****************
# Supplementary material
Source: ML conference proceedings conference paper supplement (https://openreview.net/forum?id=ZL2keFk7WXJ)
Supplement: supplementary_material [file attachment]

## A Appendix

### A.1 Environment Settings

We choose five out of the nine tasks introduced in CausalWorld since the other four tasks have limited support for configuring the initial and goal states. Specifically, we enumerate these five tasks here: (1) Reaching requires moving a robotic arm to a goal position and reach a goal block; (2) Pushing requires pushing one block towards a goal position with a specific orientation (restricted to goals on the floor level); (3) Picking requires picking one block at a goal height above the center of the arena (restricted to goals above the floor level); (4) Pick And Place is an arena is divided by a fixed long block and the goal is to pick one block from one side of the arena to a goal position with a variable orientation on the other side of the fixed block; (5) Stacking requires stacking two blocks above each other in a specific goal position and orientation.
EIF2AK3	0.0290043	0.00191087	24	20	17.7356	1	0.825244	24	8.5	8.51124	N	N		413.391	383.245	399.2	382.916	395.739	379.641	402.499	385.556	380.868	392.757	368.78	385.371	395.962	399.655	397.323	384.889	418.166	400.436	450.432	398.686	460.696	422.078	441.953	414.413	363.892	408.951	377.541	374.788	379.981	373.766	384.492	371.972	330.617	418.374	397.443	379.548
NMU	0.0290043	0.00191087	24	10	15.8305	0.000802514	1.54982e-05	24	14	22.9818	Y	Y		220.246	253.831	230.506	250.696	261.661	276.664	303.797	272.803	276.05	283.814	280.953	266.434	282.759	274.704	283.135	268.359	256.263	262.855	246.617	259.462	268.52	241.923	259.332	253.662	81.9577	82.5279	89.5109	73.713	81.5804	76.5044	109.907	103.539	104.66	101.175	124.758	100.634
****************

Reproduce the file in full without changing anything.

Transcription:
# Supplementary material
Source: ML conference proceedings conference paper supplement (https://openreview.net/forum?id=ZL2keFk7WXJ)
Supplement: supplementary_material [file attachment]

## A Appendix

### A.1 Environment Settings

We choose five out of the nine tasks introduced in CausalWorld since the other four tasks have limited support for configuring the initial and goal states. Specifically, we enumerate these five tasks here: (1) Reaching requires moving a robotic arm to a goal position and reach a goal block; (2) Pushing requires pushing one block towards a goal position with a specific orientation (restricted to goals on the floor level); (3) Picking requires picking one block at a goal height above the center of the arena (restricted to goals above the floor level); (4) Pick And Place is an arena is divided by a fixed long block and the goal is to pick one block from one side of the arena to a goal position with a variable orientation on the other side of the fixed block; (5) Stacking requires stacking two blocks above each other in a specific goal position and orientation.
EIF2AK3	0.0290043	0.00191087	24	20	17.7356	1	0.825244	24	8.5	8.51124	N	N		413.391	383.245	399.2	382.916	395.739	379.641	402.499	385.556	380.868	392.757	368.78	385.371	395.962	399.655	397.323	384.889	418.166	400.436	450.432	398.686	460.696	422.078	441.953	414.413	363.892	408.951	377.541	374.788	379.981	373.766	384.492	371.972	330.617	418.374	397.443	379.548
NMU	0.0290043	0.00191087	24	10	15.8305	0.000802514	1.54982e-05	24	14	22.9818	Y	Y		220.246	253.831	230.506	250.696	261.661	276.664	303.797	272.803	276.05	283.814	280.953	266.434	282.759	274.704	283.135	268.359	256.263	262.855	246.617	259.462	268.52	241.923	259.332	253.662	81.9577	82.5279	89.5109	73.713	81.5804	76.5044	109.907	103.539	104.66	101.175	124.758	100.634